Stansted Airport Surface Access Strategy

Letter to BAA in response to February 2007 consultation

BAA Stansted
Freepost CL4055
Chelmsford
Essex
CM1 3BR
14 May 2007

STANSTED G2 SURFACE ACCESS STRATEGY

I am writing on behalf of the Bishop's Stortford Civic Federation in response to your February 2007 consultation on this subject. I should emphasise at the outset that the following comments are without prejudice to our views on building a second runway at Stansted, a proposal to which we remain firmly opposed. Indeed, the shortcomings in this strategy add weight to our opposition to a second runway.

Approach to Strategy Development

Para 3.2.2 of the document summarises your approach to strategy development as follows:

This seems to us to be a reasonable approach to developing the strategy and it is therefore both surprising and disappointing to find that in substance, the document entirely fails to follow it. It may be stating the obvious, but a plan to double the size of and passenger numbers using the airport is scarcely calculated to reduce the need for travel, while in this context, the strategy’s prediction that the mode share of passengers using cars will fall from 63% to 56% actually implies a huge increase in airport related car journeys. Moreover, since the shift in mode share to public transport is accounted for almost entirely by extra bus and coach travel, the strategy fails to mitigate pressure on the highway network or encourage more sustainable forms of travel. Given the deregulated nature of the bus and coach industry, it is highly unlikely that service densities would be provided which would deliver that shift in mode share.

Rail Access to the Airport

If the strategy had followed the approach it claims to, the full potential ability of rail to absorb additional demand would have been properly analysed. In fact rail’s potential has been treated in the most perfunctory way, as the following examples illustrate:

It then promptly dismisses all the options apart from longer trains and some unspecified capacity enhancements on the West Anglia main line, without any analysis of their relative costs, benefits and modal shift potential and invites us to agree that it has reached the right conclusion. How could we possibly agree?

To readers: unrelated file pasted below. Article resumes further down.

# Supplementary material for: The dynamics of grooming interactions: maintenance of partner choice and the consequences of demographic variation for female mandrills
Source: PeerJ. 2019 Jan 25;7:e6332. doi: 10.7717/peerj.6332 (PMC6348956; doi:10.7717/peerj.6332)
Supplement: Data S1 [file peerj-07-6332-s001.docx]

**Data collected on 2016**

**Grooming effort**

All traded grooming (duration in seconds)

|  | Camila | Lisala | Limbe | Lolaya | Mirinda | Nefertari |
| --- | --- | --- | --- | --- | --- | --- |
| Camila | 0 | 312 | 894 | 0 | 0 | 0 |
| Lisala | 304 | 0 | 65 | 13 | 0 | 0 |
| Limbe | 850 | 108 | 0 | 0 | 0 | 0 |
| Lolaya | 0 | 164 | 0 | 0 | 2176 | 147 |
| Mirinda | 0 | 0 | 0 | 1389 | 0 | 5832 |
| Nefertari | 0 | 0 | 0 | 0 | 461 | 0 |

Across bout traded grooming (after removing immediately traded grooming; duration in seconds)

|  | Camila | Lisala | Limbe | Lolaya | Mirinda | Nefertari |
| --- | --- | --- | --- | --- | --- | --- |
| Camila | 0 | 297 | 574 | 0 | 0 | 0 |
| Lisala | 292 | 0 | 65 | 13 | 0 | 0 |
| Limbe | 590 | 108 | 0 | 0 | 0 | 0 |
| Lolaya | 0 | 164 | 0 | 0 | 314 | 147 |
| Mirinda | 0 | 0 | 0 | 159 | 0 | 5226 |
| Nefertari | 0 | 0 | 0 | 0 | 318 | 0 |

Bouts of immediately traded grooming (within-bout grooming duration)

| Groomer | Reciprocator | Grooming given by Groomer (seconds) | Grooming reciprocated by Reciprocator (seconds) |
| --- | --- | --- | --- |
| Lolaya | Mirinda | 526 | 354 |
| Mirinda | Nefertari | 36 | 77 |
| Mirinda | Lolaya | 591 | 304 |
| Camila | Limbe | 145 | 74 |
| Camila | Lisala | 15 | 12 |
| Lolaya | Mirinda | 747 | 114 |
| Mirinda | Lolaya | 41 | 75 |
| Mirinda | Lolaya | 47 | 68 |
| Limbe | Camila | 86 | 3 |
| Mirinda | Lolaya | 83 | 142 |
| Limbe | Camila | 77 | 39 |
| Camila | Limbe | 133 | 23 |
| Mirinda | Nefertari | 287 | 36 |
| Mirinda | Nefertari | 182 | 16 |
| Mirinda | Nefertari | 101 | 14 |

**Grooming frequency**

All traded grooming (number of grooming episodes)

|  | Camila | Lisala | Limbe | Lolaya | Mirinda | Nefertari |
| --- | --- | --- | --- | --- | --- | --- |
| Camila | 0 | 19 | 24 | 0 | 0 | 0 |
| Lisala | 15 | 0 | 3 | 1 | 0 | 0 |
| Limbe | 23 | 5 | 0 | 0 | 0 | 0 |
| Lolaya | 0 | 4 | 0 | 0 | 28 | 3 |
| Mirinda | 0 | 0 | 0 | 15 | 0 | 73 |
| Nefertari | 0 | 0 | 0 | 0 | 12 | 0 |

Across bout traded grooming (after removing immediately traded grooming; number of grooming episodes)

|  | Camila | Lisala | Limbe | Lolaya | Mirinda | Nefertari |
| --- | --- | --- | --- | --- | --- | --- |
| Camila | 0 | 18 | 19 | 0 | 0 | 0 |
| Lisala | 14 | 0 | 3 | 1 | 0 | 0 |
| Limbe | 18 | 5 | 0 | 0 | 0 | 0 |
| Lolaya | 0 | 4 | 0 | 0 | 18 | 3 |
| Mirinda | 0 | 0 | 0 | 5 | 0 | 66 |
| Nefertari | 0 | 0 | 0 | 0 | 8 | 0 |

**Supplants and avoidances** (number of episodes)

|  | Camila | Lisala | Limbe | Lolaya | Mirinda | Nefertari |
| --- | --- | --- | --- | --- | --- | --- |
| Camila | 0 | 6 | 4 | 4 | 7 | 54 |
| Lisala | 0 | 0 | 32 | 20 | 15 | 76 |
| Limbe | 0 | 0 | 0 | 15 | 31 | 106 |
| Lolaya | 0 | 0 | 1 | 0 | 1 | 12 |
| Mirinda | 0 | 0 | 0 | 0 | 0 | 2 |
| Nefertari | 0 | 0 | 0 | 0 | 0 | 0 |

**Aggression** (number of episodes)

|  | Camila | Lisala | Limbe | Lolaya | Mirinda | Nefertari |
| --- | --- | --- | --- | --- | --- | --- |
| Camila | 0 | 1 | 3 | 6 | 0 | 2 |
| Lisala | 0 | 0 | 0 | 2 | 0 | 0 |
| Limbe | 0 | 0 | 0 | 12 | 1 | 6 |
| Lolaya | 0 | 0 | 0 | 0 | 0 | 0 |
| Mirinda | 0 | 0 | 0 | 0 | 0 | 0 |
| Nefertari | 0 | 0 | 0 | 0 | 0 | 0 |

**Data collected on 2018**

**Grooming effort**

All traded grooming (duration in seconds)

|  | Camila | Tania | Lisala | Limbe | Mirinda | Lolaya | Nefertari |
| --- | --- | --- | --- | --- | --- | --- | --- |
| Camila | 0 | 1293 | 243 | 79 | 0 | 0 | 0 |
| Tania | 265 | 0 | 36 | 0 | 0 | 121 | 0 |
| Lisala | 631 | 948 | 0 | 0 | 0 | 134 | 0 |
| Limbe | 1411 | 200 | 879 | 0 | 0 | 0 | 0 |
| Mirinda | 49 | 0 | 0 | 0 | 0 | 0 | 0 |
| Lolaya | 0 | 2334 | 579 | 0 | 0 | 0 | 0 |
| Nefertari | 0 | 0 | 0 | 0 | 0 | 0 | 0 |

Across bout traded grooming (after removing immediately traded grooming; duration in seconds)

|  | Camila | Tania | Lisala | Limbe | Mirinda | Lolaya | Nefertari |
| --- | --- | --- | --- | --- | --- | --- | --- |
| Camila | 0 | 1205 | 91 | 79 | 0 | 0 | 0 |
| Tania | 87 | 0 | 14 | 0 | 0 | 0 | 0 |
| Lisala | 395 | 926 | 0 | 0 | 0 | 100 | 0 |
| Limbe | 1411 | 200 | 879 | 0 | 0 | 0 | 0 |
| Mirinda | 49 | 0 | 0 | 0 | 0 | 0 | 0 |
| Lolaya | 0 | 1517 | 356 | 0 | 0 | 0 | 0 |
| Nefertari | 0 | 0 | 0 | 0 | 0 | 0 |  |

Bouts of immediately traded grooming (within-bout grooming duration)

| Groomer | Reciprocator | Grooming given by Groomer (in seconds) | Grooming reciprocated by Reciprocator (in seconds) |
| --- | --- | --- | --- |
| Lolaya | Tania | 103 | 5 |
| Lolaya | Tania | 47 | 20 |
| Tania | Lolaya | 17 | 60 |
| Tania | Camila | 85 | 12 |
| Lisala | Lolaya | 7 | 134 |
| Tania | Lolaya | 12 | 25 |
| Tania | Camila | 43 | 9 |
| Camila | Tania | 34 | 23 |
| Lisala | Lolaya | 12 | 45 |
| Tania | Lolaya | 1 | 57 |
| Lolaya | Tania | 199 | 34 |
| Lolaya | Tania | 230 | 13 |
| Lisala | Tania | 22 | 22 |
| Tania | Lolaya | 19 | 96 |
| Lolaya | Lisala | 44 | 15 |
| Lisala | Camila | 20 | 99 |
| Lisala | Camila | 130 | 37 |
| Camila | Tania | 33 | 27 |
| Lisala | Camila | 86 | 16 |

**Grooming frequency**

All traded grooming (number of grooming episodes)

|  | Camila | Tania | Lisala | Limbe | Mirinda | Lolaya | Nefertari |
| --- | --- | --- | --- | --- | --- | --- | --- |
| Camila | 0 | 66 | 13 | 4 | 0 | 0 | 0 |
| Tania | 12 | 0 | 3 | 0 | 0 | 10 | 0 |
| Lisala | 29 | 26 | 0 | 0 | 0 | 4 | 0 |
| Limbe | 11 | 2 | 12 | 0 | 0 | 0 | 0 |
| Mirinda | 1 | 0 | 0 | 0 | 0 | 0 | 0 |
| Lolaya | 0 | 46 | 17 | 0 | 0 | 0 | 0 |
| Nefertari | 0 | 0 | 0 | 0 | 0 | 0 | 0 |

Since this consultation document was published, Network Rail has published for consultation a draft route utilisation strategy covering the West Anglia route with a closing date for responses of 13 July. This forecasts that the route will become one of the most seriously overcrowded in the region and offers two possible solutions one involving simply running longer trains, and a second which adds extra lines to the route to make overtaking and the running of more frequent services possible. The costs and benefits are identified, with the most expensive also having the highest benefit:cost ratio. For these options, it emphasises that there has been no assessment of power supply or berthing needs, track circuit occupation or platform use at terminal stations. So while this may appear to be superficially similar to BAA s strategy, it is in a very early stage of gestation, actual costs and technical feasibility are uncertain as are the benefits, and of course there is no assurance that funding will be available for some or indeed any of it.

Conclusion

Highway capacity enhancements, according to the strategy approach, are intended to be residual, after all other ways of meeting demand have been exhausted. However, the rail section of the strategy is so profoundly inadequate that we cannot possibly form a view as to the appropriateness of the suggested highway improvements, the only matter on which detailed consultation is taking place. In reality there is no urgency to complete this exercise or indeed to seek permission for a second runway. So, rather than continuing to put the cart before the horse, we suggest that BAA withdraws its consultation document, and starts again when the outcome of Network Rail s route utilisation strategy is known, in terms of options chosen, sources of funding and timing of implementation. In the meantime, BAA could help inform public debate by publishing a full analysis of the other options it claims to have studied so that we can all understand why such a trivial improvement in rail s market share is their preferred outcome.

JOHN RHODES
VICE CHAIRMAN